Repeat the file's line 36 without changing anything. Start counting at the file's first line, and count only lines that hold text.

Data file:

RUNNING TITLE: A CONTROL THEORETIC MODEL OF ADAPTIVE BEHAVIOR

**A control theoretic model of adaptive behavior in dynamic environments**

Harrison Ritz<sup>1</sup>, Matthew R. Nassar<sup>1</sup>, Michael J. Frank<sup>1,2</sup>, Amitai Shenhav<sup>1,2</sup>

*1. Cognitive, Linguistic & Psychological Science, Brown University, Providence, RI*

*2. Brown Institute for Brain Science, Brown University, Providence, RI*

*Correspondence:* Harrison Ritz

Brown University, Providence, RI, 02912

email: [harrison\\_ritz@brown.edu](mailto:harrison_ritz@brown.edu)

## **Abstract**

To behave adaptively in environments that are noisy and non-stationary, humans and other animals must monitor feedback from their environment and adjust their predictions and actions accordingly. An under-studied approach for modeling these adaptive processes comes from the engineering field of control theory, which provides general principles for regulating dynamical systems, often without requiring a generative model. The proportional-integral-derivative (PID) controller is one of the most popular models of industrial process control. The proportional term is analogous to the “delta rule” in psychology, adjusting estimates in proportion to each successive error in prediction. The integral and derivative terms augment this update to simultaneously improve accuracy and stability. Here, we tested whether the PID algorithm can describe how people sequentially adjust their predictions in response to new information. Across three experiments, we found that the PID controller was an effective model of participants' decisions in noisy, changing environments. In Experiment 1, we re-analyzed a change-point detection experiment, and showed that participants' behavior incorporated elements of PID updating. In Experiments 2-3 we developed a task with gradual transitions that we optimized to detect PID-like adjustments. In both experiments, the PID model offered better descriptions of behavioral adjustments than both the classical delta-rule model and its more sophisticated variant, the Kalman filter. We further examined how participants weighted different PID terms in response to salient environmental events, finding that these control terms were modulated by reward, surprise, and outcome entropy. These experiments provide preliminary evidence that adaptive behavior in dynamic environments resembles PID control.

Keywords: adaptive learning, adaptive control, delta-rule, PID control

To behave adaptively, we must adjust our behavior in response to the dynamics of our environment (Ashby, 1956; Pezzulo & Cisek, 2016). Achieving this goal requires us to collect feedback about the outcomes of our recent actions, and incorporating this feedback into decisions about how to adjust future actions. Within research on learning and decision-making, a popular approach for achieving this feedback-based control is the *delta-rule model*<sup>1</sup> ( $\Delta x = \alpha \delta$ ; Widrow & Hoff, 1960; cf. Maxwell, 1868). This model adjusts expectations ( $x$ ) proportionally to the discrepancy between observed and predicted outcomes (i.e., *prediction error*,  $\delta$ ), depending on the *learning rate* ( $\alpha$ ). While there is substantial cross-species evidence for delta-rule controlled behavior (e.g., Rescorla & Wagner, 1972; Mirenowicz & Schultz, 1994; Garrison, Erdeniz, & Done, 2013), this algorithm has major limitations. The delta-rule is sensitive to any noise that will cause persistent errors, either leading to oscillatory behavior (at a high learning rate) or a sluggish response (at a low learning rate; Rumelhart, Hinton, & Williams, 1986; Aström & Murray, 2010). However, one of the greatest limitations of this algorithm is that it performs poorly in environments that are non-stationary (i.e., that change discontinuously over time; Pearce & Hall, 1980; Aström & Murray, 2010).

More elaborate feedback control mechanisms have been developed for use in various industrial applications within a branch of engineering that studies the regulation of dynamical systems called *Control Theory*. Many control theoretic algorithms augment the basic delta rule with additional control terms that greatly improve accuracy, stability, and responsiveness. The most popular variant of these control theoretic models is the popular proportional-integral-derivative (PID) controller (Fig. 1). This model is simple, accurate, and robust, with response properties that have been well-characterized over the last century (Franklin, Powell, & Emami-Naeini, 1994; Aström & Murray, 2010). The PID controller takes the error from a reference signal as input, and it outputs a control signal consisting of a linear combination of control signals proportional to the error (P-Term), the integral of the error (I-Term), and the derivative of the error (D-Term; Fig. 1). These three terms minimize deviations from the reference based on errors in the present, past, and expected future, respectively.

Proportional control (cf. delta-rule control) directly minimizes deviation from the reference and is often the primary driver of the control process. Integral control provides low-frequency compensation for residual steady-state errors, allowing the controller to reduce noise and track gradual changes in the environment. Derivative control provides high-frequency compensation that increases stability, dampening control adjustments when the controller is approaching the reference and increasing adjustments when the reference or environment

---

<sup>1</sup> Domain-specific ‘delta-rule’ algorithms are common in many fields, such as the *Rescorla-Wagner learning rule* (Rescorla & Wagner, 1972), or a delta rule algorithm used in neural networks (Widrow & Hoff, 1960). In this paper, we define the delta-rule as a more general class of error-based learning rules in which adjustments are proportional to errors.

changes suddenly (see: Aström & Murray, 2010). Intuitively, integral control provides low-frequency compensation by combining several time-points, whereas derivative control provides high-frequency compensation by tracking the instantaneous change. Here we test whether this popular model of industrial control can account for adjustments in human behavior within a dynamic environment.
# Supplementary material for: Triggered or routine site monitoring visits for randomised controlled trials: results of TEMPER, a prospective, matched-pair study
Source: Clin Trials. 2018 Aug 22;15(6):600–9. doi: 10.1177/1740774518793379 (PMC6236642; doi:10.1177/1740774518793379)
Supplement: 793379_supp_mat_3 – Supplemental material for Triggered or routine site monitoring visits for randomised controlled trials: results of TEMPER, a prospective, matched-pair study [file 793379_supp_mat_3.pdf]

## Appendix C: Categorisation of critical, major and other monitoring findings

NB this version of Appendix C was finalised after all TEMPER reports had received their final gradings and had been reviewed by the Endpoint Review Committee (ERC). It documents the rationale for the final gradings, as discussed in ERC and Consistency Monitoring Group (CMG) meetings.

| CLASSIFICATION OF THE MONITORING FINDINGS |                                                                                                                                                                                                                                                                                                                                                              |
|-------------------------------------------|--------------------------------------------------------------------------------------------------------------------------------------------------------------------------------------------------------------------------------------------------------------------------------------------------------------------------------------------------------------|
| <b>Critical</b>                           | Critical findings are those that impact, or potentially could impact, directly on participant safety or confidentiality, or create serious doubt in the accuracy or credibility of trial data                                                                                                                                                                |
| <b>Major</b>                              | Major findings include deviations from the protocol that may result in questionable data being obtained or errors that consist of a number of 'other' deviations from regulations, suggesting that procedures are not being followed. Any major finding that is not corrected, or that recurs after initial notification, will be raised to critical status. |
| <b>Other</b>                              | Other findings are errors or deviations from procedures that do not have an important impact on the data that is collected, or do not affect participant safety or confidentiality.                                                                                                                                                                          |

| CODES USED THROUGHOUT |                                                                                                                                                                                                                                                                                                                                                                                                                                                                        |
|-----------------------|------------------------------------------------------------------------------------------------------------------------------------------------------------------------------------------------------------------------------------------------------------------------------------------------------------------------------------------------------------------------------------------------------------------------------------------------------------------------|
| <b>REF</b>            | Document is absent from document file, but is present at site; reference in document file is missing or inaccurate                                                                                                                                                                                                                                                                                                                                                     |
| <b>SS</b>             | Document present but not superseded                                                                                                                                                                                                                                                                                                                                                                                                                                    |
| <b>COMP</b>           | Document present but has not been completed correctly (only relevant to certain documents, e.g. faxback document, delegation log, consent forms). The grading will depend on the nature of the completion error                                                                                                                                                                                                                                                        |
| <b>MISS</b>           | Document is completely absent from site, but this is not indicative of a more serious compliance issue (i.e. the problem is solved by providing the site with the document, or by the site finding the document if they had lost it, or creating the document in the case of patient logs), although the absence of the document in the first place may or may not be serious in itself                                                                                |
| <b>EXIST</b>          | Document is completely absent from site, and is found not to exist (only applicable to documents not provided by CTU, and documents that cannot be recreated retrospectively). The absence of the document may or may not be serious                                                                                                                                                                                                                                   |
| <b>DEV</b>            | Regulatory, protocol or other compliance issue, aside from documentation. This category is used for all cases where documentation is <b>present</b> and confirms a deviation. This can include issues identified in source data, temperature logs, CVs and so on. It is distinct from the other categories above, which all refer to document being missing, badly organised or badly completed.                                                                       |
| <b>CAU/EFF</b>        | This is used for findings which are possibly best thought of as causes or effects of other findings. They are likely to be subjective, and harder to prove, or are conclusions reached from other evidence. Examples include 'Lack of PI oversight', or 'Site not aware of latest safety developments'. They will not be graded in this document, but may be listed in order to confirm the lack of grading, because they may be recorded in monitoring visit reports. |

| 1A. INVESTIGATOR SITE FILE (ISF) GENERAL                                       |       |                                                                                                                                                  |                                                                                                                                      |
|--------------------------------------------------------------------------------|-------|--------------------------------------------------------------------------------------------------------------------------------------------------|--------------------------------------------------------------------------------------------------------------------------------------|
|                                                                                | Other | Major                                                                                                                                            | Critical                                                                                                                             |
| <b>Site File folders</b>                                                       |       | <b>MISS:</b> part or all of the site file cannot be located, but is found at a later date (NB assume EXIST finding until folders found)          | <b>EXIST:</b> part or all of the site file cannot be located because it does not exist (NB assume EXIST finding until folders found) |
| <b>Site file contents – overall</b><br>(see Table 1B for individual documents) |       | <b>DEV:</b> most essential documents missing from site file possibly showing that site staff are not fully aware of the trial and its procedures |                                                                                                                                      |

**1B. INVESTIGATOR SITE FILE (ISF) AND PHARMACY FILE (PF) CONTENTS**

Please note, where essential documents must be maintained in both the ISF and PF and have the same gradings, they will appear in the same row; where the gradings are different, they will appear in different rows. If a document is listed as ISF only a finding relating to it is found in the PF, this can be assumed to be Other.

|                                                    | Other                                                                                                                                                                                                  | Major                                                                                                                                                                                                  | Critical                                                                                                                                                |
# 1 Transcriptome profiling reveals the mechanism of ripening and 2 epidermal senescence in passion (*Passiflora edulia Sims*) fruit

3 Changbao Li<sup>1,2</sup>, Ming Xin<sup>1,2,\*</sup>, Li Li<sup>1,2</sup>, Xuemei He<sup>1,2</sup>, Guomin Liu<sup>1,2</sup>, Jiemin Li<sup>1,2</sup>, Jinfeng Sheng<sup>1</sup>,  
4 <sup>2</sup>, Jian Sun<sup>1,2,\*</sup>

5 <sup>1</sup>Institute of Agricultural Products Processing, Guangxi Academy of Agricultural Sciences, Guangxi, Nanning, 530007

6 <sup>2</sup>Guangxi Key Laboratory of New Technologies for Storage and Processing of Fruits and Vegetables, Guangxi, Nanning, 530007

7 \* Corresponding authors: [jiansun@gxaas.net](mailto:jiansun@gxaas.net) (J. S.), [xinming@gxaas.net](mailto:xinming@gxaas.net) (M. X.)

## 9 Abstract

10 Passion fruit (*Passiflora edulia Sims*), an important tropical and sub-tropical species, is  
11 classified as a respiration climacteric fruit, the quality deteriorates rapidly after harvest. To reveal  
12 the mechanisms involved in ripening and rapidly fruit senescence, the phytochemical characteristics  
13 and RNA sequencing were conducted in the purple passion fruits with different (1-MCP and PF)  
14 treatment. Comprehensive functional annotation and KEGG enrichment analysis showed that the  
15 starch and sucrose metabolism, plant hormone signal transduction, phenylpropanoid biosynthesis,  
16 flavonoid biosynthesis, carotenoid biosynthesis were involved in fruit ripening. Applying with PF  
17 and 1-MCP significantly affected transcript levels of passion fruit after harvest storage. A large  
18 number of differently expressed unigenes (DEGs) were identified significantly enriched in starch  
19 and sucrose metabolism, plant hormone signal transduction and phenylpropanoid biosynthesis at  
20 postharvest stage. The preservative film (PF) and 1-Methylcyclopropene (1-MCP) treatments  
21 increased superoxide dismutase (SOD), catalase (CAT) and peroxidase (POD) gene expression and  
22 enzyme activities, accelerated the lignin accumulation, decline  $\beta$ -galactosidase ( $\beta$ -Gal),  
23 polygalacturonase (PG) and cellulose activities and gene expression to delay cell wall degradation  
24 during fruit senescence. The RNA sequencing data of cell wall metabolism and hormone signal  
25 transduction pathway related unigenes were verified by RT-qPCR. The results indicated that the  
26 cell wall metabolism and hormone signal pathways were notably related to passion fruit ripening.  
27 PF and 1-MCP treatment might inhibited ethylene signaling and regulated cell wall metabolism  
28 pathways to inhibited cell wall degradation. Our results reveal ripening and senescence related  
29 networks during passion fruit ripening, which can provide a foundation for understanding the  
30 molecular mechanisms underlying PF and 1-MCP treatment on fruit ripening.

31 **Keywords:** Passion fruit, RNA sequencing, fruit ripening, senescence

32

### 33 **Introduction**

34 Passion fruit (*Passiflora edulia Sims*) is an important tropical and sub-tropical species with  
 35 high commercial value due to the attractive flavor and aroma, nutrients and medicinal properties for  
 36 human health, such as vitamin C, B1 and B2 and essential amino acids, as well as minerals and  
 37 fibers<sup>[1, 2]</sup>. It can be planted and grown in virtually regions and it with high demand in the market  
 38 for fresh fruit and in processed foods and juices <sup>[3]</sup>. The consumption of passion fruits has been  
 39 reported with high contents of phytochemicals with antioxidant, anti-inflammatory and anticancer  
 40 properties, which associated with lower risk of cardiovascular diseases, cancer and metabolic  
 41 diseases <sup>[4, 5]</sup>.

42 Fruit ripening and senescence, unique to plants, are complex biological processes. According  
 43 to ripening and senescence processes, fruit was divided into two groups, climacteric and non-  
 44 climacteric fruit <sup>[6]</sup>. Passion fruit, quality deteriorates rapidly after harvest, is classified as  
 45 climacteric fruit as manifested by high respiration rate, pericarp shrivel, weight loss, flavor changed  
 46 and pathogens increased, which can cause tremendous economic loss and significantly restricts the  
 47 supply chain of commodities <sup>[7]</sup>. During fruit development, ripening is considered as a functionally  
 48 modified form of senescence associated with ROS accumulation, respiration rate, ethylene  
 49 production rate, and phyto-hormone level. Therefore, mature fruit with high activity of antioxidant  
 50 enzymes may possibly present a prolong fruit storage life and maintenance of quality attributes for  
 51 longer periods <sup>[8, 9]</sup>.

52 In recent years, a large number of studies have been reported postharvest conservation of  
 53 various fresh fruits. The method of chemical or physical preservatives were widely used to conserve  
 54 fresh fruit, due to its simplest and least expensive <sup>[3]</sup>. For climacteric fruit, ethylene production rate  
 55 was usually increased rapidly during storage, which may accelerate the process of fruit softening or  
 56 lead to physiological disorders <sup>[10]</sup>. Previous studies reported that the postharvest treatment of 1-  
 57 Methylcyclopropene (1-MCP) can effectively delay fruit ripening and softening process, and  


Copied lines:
| <b>CAU/EFF</b>        | This is used for findings which are possibly best thought of as causes or effects of other findings. They are likely to be subjective, and harder to prove, or are conclusions reached from other evidence. Examples include 'Lack of PI oversight', or 'Site not aware of latest safety developments'. They will not be graded in this document, but may be listed in order to confirm the lack of grading, because they may be recorded in monitoring visit reports. |